From Publishers Weekly:
In early May, the Trump administration proposed placing 25% tariffs on a range of products, including books, imported from China. We believe that the tariffs on books are not in the public interest of the United States. They will drive up the prices of all books and have unintended consequences adversely impacting millions of children, parents, public and school libraries, and the livelihoods of book retailers.
. . . .
Though books imported from China include various book categories, a large percentage were illustrated books for children between the ages of one and 14. Research published in Access for All: Closing the Book Gap for Children in Early Education shows that within the first year of life, “children will begin to imitate sounds, recognize familiar voices, and engage in shared communication with their first books… the roots of early literacy”—making it critical to get books in front of the very young.
In 2017 there were more than 61 million children between the ages of one and 14, many of whose illustrated books come from public and school libraries or are purchased by families from retailers. Both libraries and bookstores face financial challenges.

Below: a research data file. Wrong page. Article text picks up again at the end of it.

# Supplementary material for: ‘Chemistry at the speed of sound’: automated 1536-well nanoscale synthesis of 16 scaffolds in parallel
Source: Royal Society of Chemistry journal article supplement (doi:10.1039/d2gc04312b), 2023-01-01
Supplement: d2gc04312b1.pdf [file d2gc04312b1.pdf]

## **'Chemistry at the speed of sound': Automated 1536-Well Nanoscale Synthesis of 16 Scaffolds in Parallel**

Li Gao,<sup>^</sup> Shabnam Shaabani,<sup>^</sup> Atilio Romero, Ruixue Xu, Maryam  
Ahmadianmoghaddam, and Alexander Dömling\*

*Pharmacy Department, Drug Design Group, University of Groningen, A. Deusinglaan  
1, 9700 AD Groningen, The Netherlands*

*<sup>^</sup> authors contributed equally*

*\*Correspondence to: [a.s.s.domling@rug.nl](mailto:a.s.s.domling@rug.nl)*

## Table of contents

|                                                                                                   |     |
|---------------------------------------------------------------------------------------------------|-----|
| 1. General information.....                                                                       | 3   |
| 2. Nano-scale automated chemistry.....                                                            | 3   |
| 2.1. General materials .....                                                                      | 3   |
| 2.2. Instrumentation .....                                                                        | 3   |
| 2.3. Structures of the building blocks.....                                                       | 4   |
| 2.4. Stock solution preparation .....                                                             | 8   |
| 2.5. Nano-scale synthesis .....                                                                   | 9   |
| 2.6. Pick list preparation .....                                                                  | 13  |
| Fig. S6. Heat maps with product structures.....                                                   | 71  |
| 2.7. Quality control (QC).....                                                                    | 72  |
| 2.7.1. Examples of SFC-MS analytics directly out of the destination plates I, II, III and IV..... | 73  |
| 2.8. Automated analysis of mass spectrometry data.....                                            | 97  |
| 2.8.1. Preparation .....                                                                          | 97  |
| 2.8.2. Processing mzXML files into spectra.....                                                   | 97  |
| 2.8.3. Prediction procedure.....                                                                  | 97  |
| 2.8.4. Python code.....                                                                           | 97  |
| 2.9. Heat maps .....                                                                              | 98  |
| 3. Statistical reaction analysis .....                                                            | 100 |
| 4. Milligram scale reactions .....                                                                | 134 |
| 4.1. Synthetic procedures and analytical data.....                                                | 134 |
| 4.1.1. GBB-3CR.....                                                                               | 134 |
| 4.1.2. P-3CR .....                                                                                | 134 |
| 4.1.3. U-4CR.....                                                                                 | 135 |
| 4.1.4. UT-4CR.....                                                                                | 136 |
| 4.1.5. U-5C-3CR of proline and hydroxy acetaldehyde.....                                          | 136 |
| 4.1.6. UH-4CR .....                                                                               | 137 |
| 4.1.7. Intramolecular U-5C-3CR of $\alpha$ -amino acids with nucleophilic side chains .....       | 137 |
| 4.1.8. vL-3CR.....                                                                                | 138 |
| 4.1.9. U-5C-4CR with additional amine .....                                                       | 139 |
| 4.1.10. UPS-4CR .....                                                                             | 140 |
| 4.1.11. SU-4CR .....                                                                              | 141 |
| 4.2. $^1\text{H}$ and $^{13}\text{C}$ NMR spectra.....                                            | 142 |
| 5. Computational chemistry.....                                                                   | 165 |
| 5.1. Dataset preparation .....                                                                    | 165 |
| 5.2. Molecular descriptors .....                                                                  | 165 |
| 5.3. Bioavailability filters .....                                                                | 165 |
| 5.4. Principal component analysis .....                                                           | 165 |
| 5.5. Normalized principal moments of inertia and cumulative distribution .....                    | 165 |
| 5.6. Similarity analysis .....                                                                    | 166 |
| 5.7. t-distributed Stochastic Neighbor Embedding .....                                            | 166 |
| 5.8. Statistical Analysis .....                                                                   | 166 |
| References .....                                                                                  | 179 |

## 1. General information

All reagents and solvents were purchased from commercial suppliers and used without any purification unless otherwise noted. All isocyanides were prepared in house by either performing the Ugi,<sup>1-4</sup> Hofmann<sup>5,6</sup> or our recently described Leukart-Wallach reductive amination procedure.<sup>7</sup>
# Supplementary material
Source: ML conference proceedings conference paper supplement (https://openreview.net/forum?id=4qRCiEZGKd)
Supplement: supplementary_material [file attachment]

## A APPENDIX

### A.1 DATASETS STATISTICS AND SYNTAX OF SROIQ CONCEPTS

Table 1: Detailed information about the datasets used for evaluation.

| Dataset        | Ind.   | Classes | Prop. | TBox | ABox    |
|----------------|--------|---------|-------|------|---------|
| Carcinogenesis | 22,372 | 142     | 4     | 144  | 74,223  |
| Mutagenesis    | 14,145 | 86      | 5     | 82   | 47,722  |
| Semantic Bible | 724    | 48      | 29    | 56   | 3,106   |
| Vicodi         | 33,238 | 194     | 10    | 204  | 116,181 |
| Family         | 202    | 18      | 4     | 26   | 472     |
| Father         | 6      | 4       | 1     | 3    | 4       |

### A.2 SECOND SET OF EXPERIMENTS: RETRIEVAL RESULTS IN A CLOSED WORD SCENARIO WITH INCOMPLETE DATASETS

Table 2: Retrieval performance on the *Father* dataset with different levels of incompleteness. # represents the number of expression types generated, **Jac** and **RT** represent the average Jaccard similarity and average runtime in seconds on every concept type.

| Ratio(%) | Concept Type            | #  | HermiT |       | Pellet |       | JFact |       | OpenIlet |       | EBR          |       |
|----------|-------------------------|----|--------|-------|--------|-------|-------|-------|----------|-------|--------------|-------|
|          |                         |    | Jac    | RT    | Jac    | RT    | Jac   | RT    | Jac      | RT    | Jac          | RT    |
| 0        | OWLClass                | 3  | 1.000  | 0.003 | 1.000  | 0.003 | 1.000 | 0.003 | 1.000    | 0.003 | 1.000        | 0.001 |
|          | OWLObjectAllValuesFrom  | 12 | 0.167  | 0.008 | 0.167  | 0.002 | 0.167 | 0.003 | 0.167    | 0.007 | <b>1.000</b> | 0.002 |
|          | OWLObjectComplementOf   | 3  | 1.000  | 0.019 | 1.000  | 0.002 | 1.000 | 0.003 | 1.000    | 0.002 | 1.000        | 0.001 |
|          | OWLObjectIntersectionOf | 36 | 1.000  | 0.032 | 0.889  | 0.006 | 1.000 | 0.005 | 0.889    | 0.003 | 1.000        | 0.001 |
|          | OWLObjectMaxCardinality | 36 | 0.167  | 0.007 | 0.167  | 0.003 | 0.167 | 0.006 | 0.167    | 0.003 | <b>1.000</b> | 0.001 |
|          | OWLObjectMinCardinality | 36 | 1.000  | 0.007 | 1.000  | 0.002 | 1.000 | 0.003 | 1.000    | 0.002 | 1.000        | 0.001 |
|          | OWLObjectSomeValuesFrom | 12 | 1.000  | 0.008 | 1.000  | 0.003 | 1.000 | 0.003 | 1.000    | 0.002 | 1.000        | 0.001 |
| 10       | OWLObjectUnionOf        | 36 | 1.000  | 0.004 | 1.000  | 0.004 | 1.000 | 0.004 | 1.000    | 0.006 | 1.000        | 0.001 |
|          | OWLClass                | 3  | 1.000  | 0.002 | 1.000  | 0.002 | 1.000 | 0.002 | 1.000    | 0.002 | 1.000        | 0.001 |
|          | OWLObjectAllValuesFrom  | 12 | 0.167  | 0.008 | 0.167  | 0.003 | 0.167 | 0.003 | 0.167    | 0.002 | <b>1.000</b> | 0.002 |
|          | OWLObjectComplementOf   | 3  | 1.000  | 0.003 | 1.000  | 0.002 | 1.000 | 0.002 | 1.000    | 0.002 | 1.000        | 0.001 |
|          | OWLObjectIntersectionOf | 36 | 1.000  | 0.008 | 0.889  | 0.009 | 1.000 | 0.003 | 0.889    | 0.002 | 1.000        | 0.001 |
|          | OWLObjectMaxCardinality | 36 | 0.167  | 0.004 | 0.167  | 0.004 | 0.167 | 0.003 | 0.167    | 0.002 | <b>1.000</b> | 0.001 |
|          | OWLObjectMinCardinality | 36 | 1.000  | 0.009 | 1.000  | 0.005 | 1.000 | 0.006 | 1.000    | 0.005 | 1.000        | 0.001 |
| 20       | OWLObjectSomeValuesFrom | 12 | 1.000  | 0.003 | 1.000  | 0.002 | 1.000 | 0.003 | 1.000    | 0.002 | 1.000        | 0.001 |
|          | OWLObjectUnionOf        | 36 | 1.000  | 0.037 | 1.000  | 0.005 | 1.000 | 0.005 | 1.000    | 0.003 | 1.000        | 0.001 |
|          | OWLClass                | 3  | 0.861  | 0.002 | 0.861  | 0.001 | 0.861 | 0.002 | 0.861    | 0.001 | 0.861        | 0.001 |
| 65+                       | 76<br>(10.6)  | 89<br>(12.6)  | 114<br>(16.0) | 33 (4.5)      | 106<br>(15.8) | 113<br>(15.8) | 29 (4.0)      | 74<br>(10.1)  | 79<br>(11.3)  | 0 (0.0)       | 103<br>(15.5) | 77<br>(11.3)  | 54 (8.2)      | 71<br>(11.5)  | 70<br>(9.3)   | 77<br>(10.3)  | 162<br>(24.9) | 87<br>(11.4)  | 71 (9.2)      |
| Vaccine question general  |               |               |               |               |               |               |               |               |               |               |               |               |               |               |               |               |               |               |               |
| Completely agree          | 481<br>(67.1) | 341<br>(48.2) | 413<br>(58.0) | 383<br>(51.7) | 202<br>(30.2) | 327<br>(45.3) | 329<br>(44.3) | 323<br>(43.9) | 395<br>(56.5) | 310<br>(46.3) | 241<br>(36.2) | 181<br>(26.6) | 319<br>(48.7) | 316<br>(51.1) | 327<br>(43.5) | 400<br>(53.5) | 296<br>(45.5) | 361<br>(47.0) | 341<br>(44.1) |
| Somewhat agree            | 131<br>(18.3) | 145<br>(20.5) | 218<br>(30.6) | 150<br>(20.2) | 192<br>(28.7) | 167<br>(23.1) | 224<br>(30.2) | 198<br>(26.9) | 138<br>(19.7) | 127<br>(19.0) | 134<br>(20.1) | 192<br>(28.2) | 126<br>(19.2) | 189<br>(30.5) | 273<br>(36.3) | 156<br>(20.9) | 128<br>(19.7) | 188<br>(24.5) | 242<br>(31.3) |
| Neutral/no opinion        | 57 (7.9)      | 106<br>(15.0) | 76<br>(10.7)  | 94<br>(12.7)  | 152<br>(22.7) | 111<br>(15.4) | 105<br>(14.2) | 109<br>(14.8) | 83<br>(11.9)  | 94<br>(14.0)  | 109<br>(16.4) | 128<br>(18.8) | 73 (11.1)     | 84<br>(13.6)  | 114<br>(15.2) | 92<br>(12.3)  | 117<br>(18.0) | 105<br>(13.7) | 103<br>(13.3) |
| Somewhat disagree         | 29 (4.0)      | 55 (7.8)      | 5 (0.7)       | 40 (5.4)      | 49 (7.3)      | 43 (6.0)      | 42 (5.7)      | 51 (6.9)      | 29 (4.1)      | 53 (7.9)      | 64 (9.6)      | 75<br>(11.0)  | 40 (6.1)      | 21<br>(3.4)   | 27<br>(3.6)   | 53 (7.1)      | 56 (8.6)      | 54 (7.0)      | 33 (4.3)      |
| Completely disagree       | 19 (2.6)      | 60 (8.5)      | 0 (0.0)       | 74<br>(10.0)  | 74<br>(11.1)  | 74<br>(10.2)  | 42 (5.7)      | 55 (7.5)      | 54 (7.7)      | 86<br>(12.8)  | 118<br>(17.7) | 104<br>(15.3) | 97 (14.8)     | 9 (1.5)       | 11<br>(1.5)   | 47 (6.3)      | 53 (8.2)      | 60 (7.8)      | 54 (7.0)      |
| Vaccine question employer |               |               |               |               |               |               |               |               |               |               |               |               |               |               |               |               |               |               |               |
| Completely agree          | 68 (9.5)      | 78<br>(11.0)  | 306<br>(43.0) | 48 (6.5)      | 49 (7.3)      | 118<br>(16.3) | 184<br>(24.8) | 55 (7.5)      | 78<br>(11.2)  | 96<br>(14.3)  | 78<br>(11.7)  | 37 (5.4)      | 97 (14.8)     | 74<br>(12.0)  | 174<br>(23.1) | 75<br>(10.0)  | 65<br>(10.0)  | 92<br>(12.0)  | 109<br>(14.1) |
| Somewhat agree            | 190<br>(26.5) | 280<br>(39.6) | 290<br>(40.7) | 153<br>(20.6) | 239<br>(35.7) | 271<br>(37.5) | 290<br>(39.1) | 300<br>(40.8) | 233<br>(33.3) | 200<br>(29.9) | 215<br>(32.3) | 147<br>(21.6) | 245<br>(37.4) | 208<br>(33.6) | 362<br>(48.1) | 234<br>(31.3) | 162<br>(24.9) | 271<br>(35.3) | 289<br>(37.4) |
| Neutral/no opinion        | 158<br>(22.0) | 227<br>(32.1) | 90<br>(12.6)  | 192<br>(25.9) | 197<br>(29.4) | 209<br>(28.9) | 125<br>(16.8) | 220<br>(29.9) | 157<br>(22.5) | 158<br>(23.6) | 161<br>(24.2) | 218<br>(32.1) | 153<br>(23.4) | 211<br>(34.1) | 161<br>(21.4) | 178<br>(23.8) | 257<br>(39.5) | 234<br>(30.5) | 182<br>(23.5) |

In 2017, there were 16,862 public libraries in the U.S. These are pivotal institutions in the communities that they serve, and yet they tend to be underfunded. New York City’s public libraries are an example of the impact of underfunding. The City, a nonprofit news organization in New York, reported that there are 220 public library branches in the city with, in total, an estimated $896 million in unfunded repairs, which include “everything from leaky roofs to defective air conditioning units and boilers to decrepit bathrooms.” Children also obtain illustrated books from the nation’s underfunded 66,768 elementary school (pre-K through eighth grade) libraries.
Bricks-and-mortar book retailers are another source of books, but they too face economic pressures, including higher rents and wages, that would, in all likelihood, force them to pass along to consumers whatever price increase publishers make to account for the cost of tariffs. Though there is one national bookstore chain, the vast majority of bookstores are small, privately owned enterprises. Although independent booksellers have experienced a revival, there are still fewer bookstores today than there were in the past. In 1995, there were 28,510 U.S. bookstores, which together generated an annual $11.2 billion, according to the Library and Book Trade Almanac. The almanac reported that by 2017, the number of bookstores had declined to 11,432, with sales down almost 10%, to $10.11 billion.
Link to the rest at Publishers Weekly